The search for such projects, in the face of the diminishing interest shown by state governments in wildlife protection, is also driven by a forest establishment that now resembles a top heavy, inverted pyramid, with overstaffing at the top echelons and a 30-40 per cent shortage of frontline, ground level protection staff. Chasing and landing ICDPs help justify the large number of top level positions.

At another level, despite growing evidence, agencies like the World Bank obdurately refuse to acknowledge the failure of grandiose schemes like ‘eco-development’ by studiously avoiding scientifically accepted methods of ecological audits. Even more worrying is the coming together of inept consultants, retired officials and unscrupulous NGOs in the form of a ‘grand alliance’ with serving forest officials who now handle large sums of public money. This alliance is armed with all the right buzzwords like ‘participatory biodiversity conservation’; ‘use it or lose it’; ‘micro planning’; ‘stakeholder support’… which are liberally bandied about in multi-coloured project proposals to woo funding agencies. Stark field realities are either glossed over or blurred and real issues like protection and habitat fragmentation reduced to mere rhetoric.

Impact of mega ICDPs

The most deleterious impact of these ICDPs has been on the protection mindset and law enforcement capacities of forest departments. This is reflected in the continued loss of forest land to encroachments, diminishing range of endangered wildlife species and increased human wildlife conflicts. The other serious impact is reflected in the management plans for wildlife reserves, which are riddled with prescriptions for civil works like roads, culverts, check dams and ecologically disastrous activities like bamboo hoeing, weed removal and thinning.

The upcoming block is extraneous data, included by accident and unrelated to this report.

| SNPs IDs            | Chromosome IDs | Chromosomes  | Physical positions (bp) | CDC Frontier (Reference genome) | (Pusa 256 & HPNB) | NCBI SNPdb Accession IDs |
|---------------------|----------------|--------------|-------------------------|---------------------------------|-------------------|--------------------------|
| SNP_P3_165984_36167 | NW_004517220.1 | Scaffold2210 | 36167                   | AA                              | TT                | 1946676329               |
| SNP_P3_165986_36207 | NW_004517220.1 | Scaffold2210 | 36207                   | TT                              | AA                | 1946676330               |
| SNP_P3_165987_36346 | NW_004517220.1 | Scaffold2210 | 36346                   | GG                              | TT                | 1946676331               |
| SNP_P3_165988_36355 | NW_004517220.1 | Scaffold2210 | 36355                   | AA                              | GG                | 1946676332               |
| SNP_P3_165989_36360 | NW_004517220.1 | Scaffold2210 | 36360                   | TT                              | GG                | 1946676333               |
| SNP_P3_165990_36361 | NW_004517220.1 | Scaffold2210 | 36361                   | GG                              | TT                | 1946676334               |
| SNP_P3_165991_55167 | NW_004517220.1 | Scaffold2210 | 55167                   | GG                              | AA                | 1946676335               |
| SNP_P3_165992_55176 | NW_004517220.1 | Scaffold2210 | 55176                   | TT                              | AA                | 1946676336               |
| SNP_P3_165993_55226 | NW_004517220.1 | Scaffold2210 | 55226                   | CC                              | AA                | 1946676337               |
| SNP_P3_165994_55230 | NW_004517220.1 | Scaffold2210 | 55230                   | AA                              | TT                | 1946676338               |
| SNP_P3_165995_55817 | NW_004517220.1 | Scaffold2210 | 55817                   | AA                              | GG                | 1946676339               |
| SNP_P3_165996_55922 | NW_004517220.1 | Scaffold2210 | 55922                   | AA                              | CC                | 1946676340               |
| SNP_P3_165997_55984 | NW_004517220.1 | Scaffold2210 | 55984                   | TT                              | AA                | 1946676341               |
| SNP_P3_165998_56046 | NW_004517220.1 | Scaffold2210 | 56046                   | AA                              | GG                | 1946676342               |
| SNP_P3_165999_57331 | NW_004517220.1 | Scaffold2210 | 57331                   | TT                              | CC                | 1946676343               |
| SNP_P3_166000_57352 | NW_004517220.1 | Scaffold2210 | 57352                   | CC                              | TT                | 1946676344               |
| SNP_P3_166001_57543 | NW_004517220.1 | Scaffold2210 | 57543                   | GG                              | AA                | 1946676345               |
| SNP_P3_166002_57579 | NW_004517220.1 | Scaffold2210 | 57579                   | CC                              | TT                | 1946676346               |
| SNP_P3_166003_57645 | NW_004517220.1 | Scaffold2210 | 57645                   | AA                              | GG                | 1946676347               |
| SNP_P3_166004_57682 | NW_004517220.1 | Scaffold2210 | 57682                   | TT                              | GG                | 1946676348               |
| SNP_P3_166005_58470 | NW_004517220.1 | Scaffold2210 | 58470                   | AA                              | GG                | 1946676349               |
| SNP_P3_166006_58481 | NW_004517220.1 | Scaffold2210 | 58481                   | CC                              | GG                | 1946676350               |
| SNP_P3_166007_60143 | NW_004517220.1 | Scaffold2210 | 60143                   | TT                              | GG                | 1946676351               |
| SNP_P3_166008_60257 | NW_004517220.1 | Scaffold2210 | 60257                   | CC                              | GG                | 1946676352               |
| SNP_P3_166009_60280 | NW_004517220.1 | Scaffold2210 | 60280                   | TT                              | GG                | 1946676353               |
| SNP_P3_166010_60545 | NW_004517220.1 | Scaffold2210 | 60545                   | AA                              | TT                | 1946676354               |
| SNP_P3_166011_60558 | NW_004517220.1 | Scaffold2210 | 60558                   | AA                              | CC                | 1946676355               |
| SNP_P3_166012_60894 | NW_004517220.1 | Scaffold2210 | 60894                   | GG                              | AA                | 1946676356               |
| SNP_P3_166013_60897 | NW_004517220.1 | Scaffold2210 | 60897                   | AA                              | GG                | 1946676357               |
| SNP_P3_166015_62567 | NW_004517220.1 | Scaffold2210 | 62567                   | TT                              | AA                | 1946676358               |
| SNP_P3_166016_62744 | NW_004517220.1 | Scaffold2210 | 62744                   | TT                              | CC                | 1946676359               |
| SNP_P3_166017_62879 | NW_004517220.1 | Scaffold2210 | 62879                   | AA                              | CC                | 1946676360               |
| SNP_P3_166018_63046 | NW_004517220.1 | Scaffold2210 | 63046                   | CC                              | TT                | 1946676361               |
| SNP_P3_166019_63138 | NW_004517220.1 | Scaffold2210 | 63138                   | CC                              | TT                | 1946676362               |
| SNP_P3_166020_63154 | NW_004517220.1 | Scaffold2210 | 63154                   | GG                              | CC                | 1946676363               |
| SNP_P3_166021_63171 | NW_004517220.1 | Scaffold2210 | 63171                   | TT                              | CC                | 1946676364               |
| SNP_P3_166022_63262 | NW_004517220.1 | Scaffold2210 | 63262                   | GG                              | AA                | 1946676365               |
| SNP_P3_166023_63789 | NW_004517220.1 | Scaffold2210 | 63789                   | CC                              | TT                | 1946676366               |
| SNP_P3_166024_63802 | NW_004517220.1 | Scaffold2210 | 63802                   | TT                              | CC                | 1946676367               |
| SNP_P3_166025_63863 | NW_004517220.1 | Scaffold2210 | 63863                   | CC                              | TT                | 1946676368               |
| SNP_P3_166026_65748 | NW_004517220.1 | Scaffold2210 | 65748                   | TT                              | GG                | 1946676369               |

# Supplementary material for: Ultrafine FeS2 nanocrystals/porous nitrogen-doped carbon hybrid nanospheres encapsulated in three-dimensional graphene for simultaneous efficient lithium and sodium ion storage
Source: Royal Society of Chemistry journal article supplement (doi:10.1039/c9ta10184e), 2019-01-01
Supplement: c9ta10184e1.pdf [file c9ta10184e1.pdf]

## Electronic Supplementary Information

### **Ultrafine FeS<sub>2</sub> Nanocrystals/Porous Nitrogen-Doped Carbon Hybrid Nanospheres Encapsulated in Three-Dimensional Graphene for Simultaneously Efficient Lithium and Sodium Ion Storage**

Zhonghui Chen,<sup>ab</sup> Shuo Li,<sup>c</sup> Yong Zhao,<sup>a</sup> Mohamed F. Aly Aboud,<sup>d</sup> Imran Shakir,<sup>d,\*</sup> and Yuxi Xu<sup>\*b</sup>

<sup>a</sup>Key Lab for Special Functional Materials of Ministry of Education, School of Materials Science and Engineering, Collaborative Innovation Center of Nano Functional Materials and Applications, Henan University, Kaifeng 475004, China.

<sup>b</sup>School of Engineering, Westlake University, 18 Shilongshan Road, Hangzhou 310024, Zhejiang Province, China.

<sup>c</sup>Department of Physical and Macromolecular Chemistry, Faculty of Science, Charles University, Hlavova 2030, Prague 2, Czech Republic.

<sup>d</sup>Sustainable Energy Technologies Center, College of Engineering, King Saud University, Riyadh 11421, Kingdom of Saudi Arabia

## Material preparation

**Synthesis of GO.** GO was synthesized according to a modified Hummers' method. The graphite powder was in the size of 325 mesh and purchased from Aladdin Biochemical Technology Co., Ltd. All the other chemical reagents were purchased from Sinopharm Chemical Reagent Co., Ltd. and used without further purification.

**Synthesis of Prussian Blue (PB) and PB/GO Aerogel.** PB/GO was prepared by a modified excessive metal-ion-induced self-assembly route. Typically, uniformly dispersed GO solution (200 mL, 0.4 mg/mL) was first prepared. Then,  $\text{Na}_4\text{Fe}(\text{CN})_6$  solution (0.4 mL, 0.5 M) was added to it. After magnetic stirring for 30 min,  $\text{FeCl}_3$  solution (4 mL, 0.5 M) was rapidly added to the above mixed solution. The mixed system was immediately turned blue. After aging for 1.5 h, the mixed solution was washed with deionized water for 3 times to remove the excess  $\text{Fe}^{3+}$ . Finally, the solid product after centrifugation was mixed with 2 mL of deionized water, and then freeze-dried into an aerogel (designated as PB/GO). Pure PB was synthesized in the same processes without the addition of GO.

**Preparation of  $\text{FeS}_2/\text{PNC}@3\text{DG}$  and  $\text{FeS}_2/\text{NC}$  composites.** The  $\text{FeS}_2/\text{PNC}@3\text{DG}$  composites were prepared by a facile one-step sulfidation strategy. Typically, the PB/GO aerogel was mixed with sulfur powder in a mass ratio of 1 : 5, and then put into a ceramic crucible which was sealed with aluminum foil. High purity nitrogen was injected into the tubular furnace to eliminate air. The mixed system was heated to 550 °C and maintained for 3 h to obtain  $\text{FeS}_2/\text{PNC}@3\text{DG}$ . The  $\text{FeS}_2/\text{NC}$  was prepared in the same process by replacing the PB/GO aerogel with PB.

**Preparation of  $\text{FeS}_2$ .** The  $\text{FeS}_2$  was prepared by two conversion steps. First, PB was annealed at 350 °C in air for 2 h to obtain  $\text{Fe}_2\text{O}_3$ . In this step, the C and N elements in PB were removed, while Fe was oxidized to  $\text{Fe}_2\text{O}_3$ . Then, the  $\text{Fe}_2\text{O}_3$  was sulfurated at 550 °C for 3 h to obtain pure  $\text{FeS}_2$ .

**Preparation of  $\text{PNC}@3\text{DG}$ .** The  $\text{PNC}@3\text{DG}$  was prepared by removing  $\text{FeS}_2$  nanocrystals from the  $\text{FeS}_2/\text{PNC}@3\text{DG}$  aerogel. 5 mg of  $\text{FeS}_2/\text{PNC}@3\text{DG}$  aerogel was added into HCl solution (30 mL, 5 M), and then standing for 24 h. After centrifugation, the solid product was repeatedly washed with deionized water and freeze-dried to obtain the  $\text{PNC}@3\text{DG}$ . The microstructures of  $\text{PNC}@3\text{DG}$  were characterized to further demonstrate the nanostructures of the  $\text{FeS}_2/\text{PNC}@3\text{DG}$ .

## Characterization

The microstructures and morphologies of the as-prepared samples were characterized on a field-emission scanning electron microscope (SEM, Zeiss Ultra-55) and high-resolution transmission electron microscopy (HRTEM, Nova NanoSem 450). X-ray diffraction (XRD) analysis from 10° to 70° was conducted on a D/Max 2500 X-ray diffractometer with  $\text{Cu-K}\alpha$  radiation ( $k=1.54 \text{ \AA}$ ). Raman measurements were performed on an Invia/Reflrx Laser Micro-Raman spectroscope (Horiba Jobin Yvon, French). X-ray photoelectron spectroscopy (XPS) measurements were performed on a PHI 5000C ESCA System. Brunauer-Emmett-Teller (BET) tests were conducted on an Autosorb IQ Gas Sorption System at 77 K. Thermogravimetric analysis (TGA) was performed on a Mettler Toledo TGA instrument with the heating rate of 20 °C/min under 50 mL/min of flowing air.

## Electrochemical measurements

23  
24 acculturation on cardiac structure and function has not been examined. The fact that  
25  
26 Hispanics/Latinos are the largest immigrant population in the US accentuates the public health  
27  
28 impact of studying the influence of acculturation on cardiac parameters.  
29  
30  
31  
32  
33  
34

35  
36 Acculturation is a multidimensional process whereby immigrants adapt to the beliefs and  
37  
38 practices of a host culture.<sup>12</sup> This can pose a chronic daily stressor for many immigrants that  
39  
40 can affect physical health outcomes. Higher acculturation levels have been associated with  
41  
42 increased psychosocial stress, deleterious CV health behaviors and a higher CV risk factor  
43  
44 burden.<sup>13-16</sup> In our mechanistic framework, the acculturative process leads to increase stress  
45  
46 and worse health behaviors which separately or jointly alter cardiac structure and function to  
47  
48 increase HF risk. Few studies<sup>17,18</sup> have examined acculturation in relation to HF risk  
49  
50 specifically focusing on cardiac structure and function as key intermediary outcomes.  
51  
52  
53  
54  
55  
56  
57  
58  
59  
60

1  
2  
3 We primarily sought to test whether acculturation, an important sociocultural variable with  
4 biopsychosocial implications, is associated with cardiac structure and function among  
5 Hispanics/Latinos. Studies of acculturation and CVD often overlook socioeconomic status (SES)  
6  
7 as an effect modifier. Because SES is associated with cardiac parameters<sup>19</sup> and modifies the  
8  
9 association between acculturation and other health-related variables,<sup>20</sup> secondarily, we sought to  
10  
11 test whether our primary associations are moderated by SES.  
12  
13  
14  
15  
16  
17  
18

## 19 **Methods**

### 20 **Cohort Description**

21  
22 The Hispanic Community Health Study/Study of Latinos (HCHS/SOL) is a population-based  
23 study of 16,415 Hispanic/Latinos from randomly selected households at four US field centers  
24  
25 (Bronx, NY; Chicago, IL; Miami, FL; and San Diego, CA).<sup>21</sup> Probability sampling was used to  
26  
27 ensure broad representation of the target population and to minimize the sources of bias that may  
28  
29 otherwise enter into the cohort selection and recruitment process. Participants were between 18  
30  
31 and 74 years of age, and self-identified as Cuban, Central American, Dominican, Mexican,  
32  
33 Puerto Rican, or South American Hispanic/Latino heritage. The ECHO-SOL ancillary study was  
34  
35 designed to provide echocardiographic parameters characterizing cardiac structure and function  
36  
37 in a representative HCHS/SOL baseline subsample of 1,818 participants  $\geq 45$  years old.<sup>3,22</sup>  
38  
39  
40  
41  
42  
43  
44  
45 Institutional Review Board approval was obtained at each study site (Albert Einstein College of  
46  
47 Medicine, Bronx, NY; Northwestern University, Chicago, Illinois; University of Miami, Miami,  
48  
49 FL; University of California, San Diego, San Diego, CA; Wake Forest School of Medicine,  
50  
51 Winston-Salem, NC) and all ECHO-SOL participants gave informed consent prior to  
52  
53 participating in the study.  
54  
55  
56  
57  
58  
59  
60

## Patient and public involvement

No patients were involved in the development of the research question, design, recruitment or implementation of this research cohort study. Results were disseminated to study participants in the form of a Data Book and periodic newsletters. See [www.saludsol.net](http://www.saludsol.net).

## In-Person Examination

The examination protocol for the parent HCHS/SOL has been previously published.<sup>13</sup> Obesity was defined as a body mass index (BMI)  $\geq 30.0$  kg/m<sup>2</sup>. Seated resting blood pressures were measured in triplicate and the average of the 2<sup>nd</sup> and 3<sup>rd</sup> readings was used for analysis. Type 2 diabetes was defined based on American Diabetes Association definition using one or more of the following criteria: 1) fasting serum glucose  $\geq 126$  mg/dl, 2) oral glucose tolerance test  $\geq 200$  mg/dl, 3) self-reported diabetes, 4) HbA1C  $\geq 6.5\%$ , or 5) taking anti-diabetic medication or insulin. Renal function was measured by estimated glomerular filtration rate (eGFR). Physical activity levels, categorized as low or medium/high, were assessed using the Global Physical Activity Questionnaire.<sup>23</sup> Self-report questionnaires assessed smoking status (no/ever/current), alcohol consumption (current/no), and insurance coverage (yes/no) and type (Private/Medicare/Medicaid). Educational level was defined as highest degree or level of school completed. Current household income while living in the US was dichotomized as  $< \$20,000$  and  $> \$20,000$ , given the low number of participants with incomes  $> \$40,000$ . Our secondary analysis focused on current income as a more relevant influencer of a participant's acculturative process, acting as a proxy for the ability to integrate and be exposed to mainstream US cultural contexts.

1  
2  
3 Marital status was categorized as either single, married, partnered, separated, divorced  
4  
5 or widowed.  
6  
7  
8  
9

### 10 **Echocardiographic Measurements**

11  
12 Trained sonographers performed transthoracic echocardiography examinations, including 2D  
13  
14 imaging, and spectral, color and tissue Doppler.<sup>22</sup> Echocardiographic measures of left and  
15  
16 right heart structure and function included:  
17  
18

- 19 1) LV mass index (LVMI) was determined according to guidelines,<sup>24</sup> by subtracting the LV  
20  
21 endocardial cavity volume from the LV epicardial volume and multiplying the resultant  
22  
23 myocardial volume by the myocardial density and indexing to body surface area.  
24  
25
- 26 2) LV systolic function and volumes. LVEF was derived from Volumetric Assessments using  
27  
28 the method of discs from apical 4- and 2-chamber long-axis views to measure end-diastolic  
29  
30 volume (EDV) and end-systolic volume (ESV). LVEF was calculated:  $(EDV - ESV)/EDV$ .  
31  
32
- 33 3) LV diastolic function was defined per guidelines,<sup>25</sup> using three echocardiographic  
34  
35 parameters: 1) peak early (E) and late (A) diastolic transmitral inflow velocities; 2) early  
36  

Dr. Carel Van Schaik of the Center for Tropical Conservation, Duke University and Dr. Herman D. Rijksen of the Institute for Nature Management, Netherlands, in an incisive critique of ICDPs have identified three major flaws. 1. The fallacy that local people are interested in sustainable use and biodiversity conservation. 2. The inherent lack of any means of counteracting high-levels of corruption and resource piracy. 3. The inappropriate use of engineering models in designing conservation assistance projects. They opine that “conservation is impossible without law enforcement.” And “where corruption makes effective conservation management impossible, traditional approaches involving government-to-government or multilateral projects will not work.” We need serious introspection by forest departments and an unbiased scientific review of the impact of ICDPs. This, however, seems a remote possibility considering the ‘steroidal’ dependence developed by officials for such projects, even resulting in ‘NGO and researcher cleansing’ from some wildlife reserves to suppress criticism and whistle blowing.

The future

Forest departments across the country are at crossroads. Biodiversity assets, whose value is incalculable, have to be first secured from poachers and land grabbers. Law enforcement is unavoidable in this scenario. Unfortunately, these assets also need to be protected from pseudo-conservation policies and the impacts of ICDP projects. The hard-earned gains made by the legends of conservation between 1975 and 1990 are rapidly being frittered away. The small percentage of committed officials and individuals who are grimly battling against all odds badly need the support of civil society institutions to prevent an imminent collapse.

Advocacy backed by reliable data is needed to convince aid agencies that such ICDPs are actually causing grave damage to wildlife habitats. To undo such damage, agencies would need to consider emerging ideas that involve establishing large amounts of money in trust funds with cash-strapped state governments to underwrite costs of maintaining a protection infrastructure, consolidate forests by reducing fragmentation and to make good the loss of potential timber revenues to state governments due to the phasing out of logging.

Forest departments must be rapidly weaned away from all forest developmental activities and made to focus, once again, on law enforcement and protection. The pay back in terms of the water contribution of forests alone justifies such protection. But only if we urgently win national consensus on this will we be able to hold on to the last remaining bits of wilderness in India.

About the author

Praveen Bhargav

The author is a member of the national board of wildlife and managing trustee of wildlife first.